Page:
“If I lost an amateur fight, I was done fighting,” said Emmett, who made two amateur appearances before turning pro. “When I was 5-0, 6-0, if I would have lost a fight, I would have been done. My goal was to get to the UFC and be a world champion, and if I couldn’t beat an amateur fighter, I would have given it up.”

In his ninth professional bout, Emmett defeated Christos Giagos in his first bout following a three-fight run on the UFC roster, earning himself a call to the Octagon. He’d add wins over Jon Tuck and Scott Holtzman to his resume before suffering his first loss — a split decision setback against Desmond Green at UFC 210 that prompted a move to featherweight.

Having proven he could get to the big stage and compete, one defeat wasn’t going to stop him from continuing to chase his goals.

Four years after his second loss and having dealt with myriad obstacles and injuries along the way, Emmett is like Mike McDermott at the end of Rounders, except his “three stacks of high society” is a main event clash with Kattar on Saturday.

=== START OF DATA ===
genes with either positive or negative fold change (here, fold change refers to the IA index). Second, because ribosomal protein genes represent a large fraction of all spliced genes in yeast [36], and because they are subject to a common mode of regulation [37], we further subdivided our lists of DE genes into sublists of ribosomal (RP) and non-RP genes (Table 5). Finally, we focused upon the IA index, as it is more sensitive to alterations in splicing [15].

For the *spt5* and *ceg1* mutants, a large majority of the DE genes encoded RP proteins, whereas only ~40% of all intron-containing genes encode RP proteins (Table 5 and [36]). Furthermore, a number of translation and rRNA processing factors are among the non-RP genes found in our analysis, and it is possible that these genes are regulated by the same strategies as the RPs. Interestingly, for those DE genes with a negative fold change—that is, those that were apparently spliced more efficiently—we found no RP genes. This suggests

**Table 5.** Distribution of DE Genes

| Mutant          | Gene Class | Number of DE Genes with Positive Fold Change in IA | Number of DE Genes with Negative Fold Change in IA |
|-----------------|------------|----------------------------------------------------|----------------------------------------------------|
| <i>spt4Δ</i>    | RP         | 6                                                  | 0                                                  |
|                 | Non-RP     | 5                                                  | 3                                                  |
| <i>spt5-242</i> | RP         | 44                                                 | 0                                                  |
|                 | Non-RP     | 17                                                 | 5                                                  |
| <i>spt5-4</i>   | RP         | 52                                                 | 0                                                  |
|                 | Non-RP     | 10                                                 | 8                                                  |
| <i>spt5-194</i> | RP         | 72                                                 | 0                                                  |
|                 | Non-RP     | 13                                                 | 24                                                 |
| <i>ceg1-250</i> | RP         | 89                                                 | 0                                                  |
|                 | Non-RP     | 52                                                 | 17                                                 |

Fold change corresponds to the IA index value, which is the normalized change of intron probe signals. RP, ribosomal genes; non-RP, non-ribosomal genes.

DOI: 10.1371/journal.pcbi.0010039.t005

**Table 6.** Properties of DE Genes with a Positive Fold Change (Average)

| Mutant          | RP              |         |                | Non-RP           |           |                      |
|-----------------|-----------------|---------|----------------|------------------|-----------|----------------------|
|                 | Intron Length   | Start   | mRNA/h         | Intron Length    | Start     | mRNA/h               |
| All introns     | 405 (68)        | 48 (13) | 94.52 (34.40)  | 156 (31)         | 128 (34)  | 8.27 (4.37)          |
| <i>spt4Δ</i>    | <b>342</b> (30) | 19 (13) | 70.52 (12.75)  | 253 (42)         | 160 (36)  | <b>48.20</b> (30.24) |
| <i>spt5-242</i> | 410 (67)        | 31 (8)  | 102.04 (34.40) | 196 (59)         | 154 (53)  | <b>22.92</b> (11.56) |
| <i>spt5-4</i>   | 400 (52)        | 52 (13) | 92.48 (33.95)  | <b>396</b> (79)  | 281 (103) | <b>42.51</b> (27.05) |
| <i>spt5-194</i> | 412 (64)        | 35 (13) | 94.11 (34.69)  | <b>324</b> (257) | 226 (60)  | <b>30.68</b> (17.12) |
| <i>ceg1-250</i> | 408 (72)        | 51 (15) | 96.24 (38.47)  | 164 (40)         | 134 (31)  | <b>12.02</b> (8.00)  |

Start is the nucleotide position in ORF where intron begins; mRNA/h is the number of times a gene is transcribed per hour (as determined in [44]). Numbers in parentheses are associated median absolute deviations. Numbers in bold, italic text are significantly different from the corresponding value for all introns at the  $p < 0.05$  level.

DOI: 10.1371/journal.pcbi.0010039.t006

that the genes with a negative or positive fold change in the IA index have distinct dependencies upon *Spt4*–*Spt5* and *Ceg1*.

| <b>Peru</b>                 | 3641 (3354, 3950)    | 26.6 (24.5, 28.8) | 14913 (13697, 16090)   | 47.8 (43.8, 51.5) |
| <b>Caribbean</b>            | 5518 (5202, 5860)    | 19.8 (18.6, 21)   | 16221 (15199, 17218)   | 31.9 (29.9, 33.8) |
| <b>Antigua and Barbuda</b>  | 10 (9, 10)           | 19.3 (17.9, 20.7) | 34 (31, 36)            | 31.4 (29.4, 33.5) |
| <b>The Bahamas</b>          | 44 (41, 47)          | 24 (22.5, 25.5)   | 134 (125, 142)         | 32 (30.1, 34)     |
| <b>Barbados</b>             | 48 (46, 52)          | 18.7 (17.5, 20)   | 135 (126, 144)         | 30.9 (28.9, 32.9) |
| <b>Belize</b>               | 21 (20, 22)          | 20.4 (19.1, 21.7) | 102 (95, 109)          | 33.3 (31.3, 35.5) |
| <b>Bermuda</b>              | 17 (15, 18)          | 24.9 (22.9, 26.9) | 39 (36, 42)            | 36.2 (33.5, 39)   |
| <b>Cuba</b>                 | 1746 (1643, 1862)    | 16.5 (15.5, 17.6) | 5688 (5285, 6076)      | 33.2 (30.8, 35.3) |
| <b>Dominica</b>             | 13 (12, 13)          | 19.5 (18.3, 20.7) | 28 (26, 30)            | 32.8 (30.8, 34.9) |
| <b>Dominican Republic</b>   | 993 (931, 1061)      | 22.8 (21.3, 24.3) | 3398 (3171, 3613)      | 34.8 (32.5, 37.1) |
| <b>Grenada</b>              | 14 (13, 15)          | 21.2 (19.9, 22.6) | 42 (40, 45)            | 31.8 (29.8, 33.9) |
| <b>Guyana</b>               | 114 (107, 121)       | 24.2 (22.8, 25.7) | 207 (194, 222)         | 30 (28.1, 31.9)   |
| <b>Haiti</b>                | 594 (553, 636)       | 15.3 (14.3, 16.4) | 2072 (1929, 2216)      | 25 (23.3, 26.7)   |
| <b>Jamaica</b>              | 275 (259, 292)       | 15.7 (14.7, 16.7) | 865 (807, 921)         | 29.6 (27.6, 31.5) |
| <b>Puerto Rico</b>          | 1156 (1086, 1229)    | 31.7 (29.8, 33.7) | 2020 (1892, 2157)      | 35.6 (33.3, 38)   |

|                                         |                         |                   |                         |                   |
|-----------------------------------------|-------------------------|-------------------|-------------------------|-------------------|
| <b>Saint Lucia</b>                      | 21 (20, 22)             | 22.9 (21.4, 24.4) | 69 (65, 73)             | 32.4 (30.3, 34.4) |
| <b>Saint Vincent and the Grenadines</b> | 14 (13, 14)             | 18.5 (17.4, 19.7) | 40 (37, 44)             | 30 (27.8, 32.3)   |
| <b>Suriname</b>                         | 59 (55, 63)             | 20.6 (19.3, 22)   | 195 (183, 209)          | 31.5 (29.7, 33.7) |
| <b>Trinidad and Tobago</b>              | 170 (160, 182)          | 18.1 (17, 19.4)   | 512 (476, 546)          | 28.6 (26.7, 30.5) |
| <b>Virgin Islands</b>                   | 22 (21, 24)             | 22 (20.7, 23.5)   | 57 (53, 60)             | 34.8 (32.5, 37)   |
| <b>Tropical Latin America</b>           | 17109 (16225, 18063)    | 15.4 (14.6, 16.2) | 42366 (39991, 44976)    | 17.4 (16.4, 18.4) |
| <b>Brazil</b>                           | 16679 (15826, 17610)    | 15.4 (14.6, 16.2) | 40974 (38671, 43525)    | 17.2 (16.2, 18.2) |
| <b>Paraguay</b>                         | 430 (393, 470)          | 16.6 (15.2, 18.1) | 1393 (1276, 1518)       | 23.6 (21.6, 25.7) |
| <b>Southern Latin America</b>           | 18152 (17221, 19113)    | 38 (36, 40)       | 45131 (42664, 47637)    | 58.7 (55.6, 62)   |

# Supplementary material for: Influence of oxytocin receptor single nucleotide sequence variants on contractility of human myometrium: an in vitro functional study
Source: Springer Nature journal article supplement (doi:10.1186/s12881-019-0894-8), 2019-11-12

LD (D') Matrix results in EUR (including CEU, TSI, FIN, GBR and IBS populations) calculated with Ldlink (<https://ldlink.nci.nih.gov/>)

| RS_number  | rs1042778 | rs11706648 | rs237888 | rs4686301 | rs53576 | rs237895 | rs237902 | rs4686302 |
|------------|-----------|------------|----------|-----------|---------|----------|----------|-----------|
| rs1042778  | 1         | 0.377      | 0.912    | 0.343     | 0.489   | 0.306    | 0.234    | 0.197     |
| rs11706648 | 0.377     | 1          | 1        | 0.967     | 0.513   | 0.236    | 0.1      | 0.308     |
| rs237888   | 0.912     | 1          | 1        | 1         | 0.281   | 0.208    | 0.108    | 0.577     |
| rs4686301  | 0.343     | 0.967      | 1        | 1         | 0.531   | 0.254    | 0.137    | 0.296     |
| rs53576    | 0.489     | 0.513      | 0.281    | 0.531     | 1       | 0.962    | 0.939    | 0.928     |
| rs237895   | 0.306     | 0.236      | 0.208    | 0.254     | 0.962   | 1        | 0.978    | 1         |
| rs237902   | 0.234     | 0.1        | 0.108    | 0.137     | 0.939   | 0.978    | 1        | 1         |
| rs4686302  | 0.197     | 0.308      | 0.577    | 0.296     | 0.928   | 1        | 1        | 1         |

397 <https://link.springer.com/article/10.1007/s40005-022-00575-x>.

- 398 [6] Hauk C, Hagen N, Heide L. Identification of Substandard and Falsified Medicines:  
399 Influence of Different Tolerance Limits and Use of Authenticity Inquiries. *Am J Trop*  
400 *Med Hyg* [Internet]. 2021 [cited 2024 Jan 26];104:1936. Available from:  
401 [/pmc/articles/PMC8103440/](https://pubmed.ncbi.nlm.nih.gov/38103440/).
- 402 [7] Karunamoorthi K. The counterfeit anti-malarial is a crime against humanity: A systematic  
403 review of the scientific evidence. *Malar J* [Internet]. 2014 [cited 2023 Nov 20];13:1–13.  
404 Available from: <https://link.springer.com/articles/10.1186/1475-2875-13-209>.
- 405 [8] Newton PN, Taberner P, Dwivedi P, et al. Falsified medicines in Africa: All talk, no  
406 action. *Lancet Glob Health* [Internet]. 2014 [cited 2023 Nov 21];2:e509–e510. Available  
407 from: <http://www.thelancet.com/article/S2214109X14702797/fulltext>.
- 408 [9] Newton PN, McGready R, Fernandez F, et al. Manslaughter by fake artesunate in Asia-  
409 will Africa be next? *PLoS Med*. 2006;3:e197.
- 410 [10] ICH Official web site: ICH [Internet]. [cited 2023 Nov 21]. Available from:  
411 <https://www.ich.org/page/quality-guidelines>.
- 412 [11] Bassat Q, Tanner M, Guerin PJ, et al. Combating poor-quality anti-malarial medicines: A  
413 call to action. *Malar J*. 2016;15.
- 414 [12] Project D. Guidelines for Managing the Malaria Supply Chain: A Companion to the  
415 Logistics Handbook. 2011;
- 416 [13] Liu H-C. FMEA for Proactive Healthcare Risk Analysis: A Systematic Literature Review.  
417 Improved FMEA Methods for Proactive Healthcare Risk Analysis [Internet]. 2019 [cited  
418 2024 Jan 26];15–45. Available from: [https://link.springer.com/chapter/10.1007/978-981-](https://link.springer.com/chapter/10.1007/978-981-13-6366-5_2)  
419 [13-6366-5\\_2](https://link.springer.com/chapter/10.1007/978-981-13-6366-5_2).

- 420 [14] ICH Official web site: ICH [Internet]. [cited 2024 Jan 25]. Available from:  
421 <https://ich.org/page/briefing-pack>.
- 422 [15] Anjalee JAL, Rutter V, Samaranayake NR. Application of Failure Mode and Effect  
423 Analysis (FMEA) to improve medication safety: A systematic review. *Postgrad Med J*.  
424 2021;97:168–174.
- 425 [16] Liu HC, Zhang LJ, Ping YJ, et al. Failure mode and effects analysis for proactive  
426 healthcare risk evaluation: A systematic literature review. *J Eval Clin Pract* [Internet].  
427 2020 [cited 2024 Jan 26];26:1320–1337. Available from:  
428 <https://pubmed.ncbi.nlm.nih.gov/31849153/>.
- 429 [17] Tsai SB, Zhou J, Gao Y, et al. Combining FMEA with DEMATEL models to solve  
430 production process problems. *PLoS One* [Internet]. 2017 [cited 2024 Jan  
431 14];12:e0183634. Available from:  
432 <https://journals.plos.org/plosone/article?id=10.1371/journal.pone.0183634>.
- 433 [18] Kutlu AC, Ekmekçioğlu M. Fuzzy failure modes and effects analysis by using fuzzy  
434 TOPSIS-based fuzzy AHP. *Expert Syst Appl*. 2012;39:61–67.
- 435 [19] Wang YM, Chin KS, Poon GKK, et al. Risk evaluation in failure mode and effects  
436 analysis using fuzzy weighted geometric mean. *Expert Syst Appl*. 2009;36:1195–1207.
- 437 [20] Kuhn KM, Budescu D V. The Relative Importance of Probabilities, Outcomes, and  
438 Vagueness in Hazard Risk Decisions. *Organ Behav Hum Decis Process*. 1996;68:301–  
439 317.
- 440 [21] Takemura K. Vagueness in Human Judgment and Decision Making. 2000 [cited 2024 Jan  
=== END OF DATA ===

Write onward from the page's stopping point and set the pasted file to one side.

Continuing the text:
“I’m grateful for him taking the fight because I wanted to fight forward,” he said of his opponent this weekend, who sits three spots ahead of him in the featherweight rankings and is coming off a unanimous decision win over Giga Chikadze in January. “Calvin’s a dog — he’s a tough, technical fighter. He’s constantly fighting people behind him because I feel like he feels he’s one of the best, and I know I’m the best fighter, so I’m grateful for him accepting the fight, fighting backwards in the rankings.

“I’ve only fought one person that was ranked in front of me at featherweight, so this will be the second. I’m going to do everything in my power to get my hand raised on June 18,” he added. “I’m trying to accomplish what I set out to do and that’s be a world champion, and I’m right back to where I feel like I should be.”

Don't Miss Any OfUFC Fight Night: Kattar vs Emmett, Live From The Moody Center In Austin, Texas on June 18, 2022. Prelims Begin at 4pm ET/1pm PT, And You Can Catch The Main Card At 7pm ET/4pm PT